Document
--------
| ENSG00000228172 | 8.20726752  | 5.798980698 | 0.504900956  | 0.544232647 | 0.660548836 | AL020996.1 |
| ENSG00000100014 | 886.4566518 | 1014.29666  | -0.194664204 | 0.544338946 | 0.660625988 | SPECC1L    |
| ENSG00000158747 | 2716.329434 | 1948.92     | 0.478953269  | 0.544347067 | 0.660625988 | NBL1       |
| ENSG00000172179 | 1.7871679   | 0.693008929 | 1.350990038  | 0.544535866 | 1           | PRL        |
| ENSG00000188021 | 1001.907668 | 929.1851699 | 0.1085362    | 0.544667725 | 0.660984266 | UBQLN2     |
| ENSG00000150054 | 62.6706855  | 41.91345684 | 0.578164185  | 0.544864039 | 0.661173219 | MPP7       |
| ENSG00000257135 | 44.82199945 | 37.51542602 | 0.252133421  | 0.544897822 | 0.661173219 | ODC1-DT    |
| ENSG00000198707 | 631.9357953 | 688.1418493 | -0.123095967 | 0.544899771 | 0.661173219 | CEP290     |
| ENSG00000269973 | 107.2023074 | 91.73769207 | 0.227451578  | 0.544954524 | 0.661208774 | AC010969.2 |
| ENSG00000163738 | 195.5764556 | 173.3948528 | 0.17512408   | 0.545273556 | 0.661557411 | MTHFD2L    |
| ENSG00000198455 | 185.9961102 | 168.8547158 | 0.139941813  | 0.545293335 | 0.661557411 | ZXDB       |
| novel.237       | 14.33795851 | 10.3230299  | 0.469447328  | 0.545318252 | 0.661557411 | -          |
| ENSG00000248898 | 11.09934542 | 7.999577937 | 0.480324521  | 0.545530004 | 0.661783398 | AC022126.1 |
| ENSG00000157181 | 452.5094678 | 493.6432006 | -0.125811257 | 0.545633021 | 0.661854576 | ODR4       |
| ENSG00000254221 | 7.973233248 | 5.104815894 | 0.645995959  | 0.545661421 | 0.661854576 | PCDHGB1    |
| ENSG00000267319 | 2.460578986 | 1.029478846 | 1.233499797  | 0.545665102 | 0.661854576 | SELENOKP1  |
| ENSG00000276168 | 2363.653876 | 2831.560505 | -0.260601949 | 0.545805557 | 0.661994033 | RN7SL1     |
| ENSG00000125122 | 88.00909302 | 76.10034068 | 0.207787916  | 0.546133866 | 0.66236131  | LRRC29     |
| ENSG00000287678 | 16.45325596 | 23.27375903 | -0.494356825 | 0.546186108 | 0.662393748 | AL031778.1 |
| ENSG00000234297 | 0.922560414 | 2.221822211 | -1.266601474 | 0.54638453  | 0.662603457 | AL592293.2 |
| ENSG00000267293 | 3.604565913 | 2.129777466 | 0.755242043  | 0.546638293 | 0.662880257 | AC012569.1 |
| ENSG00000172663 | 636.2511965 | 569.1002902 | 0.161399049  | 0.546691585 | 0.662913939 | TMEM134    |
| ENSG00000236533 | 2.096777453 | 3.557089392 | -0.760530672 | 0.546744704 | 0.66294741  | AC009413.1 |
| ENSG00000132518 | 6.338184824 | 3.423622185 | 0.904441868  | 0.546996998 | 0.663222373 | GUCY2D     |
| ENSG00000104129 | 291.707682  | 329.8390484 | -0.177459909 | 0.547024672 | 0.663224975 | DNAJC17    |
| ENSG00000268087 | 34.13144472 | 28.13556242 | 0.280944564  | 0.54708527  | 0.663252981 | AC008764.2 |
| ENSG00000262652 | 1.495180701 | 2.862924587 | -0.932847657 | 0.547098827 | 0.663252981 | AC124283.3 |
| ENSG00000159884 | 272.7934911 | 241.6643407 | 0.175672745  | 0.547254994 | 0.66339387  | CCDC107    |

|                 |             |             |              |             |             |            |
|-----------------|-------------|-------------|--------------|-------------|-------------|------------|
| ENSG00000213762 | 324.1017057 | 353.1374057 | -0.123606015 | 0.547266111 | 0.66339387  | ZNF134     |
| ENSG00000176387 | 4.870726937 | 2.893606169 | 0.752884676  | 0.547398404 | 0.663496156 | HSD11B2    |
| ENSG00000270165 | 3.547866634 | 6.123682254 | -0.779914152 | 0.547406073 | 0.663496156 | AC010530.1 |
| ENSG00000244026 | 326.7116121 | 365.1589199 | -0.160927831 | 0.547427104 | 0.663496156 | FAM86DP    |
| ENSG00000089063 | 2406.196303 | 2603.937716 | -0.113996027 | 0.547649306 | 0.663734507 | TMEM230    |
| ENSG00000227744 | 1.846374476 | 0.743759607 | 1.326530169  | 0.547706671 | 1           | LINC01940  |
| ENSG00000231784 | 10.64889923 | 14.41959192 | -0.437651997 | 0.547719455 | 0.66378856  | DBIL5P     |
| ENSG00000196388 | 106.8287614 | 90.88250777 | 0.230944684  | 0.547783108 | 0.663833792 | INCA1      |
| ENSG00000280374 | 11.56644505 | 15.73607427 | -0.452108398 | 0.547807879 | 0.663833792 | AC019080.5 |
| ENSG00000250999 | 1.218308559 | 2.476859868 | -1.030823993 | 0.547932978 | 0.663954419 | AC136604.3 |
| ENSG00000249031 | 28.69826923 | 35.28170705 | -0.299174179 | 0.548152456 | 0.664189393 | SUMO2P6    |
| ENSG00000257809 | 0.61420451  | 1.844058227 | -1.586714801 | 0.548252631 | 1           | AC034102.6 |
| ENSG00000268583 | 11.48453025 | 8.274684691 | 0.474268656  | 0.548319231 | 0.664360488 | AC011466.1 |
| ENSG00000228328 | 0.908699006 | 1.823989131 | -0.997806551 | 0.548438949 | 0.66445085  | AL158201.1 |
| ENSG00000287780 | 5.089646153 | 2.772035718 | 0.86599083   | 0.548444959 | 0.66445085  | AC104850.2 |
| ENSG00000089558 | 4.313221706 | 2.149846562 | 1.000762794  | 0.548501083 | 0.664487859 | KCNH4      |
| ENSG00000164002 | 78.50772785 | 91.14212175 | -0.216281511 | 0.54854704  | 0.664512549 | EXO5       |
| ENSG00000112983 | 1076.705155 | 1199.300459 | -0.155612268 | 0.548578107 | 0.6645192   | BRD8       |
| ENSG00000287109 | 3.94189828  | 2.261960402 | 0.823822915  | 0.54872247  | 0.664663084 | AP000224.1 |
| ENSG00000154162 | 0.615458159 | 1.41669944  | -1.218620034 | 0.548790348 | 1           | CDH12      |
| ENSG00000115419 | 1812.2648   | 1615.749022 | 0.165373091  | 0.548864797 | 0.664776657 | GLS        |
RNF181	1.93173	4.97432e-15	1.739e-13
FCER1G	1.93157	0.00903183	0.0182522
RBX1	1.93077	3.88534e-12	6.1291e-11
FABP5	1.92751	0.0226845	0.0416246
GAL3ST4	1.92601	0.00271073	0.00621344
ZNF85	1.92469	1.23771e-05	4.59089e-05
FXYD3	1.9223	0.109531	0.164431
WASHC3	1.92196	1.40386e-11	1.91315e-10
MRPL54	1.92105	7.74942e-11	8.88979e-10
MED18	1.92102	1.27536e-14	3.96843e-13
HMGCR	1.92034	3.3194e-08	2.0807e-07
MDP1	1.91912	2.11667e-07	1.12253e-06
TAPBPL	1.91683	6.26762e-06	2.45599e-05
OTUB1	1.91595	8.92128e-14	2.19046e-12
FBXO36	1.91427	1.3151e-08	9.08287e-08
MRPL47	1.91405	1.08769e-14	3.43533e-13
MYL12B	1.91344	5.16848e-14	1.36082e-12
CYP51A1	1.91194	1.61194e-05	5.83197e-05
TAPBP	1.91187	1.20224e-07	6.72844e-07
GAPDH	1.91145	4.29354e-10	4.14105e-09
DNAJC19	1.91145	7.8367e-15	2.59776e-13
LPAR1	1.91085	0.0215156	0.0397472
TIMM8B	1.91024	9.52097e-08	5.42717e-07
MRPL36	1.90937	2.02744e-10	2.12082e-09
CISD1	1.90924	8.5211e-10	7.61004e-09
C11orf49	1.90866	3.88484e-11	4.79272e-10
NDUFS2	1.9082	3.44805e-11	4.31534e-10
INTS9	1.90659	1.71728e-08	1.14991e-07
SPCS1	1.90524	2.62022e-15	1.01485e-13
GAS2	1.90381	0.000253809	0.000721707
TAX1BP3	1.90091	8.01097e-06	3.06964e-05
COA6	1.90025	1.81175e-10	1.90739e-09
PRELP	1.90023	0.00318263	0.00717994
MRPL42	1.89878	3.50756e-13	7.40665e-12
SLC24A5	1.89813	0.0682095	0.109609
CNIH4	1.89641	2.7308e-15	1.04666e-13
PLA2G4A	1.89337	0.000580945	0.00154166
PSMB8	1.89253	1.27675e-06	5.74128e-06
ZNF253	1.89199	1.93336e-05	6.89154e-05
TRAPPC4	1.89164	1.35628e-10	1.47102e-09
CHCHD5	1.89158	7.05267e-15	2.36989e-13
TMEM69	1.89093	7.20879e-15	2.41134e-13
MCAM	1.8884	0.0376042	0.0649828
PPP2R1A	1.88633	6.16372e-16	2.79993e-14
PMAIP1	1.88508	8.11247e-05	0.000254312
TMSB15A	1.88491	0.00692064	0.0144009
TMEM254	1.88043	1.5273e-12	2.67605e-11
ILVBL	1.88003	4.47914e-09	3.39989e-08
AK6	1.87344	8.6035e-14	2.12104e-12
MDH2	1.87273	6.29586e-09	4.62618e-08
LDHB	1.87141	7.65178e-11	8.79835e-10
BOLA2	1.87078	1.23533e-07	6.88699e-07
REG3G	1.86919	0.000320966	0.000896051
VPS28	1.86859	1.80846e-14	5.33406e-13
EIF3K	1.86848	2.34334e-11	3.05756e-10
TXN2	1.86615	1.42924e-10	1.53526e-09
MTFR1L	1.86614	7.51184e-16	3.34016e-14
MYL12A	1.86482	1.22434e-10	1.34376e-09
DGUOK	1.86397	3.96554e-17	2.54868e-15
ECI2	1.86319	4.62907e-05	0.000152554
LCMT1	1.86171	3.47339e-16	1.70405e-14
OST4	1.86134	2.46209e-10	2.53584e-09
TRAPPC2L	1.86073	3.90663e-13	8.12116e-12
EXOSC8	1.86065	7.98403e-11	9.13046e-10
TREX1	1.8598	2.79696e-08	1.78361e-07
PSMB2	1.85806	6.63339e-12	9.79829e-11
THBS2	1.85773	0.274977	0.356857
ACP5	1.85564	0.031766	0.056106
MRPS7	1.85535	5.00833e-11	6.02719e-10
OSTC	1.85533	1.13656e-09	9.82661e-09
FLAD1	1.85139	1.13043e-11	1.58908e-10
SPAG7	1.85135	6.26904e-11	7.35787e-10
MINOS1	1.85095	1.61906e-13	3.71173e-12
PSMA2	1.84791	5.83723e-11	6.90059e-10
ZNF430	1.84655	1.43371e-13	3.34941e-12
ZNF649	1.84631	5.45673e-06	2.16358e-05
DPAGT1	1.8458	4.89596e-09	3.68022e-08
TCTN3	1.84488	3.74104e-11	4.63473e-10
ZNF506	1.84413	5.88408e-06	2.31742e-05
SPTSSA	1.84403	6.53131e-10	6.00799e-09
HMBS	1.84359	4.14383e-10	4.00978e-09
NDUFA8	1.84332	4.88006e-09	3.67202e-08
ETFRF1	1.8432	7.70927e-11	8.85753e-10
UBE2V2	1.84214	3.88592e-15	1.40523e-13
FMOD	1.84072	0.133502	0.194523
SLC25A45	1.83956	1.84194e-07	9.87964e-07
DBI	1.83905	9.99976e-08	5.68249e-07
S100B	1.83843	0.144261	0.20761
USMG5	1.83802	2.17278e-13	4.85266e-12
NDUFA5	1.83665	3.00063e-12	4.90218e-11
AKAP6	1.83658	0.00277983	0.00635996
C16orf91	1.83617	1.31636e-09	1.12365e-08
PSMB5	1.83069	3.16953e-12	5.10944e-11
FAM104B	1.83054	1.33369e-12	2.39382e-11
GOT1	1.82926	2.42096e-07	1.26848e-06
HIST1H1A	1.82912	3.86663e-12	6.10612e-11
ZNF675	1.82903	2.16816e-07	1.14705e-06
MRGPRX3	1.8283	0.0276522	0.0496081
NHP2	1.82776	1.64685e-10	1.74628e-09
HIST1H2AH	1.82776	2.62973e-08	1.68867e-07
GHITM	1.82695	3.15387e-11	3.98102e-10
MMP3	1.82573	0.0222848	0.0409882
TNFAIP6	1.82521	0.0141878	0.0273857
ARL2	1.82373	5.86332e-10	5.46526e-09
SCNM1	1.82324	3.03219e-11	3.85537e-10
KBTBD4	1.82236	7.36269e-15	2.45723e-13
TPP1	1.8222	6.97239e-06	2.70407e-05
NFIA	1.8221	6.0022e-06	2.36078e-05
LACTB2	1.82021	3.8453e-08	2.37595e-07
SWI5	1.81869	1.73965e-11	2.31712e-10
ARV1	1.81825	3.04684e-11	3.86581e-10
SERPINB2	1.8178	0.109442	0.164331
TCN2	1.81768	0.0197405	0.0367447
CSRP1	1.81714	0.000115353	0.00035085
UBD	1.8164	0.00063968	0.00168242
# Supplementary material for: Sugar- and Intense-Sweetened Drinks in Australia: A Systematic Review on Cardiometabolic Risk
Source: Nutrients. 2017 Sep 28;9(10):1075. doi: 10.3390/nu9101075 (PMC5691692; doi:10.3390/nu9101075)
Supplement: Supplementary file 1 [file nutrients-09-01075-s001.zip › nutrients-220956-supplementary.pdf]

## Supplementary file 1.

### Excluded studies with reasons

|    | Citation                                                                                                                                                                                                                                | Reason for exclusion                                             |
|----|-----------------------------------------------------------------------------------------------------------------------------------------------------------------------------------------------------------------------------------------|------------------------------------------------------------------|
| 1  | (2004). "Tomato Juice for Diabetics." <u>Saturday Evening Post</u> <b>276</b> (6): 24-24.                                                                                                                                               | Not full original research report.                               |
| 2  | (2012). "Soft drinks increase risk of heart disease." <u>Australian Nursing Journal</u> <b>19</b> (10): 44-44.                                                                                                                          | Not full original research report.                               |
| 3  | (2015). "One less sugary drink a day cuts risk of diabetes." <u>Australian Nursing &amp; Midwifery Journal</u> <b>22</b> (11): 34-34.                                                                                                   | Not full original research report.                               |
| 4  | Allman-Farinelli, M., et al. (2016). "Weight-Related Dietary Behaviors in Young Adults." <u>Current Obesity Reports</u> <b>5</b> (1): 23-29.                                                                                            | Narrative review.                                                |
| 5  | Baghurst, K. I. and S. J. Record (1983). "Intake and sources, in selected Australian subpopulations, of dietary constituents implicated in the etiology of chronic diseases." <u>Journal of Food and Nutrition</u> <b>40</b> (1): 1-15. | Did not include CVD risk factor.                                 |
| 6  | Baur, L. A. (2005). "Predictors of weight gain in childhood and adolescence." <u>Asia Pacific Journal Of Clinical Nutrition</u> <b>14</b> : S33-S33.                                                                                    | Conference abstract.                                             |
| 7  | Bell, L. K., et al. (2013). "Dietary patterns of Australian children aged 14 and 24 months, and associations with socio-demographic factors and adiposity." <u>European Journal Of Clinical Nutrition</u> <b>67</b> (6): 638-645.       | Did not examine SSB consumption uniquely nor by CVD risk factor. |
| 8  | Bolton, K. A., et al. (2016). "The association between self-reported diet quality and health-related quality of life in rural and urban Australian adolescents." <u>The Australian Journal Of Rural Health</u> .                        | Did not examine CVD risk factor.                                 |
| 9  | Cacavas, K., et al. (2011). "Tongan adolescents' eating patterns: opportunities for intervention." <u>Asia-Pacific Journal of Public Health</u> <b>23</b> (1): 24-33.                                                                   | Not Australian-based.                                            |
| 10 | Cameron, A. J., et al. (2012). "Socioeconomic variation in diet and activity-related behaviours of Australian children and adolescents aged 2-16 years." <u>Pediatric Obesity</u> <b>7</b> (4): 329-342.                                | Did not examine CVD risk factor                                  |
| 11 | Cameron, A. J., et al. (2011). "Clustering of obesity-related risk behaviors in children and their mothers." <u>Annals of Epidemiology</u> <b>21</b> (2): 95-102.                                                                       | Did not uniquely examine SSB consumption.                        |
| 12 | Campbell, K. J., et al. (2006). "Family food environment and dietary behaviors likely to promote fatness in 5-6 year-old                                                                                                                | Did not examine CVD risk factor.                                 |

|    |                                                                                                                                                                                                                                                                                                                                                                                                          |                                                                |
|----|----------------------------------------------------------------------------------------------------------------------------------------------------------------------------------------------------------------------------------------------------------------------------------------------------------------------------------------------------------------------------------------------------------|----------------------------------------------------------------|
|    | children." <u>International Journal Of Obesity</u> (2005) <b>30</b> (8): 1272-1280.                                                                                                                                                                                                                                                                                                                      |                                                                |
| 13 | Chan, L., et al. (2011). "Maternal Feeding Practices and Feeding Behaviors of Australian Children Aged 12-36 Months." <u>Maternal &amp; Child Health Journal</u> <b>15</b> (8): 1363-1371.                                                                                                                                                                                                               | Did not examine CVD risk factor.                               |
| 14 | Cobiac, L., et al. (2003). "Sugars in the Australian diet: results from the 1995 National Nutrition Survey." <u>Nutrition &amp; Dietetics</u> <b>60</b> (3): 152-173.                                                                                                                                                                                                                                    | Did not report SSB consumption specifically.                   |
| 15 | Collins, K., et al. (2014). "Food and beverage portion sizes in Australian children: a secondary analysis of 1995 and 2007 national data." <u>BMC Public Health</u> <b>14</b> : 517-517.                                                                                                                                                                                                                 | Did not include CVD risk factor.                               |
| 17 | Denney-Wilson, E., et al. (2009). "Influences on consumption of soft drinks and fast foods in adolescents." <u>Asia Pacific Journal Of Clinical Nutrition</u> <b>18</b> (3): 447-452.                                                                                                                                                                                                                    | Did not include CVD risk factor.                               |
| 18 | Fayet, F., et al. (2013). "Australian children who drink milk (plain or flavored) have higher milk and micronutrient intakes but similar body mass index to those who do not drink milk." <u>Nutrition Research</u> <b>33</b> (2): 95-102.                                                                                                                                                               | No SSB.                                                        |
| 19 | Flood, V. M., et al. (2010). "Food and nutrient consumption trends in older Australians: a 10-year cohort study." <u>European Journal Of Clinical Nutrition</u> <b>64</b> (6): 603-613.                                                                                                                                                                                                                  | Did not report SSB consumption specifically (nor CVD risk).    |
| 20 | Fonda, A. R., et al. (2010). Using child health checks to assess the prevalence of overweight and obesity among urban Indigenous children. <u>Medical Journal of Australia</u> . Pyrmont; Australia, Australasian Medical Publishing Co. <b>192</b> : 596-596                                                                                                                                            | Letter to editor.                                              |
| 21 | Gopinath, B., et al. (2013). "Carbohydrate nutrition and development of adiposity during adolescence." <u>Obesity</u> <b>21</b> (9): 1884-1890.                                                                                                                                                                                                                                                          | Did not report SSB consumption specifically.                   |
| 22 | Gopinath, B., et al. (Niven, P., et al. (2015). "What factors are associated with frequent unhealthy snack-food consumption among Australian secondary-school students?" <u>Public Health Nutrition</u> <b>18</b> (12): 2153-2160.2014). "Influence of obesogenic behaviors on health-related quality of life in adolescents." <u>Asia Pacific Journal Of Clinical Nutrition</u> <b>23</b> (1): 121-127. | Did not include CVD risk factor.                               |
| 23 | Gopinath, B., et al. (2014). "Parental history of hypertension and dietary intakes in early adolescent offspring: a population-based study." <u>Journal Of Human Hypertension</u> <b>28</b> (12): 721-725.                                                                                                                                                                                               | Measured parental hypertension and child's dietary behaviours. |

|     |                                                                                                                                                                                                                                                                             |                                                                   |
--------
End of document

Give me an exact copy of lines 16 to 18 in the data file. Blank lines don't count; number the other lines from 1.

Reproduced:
| ENSG00000267319 | 2.460578986 | 1.029478846 | 1.233499797  | 0.545665102 | 0.661854576 | SELENOKP1  |
| ENSG00000276168 | 2363.653876 | 2831.560505 | -0.260601949 | 0.545805557 | 0.661994033 | RN7SL1     |
| ENSG00000125122 | 88.00909302 | 76.10034068 | 0.207787916  | 0.546133866 | 0.66236131  | LRRC29     |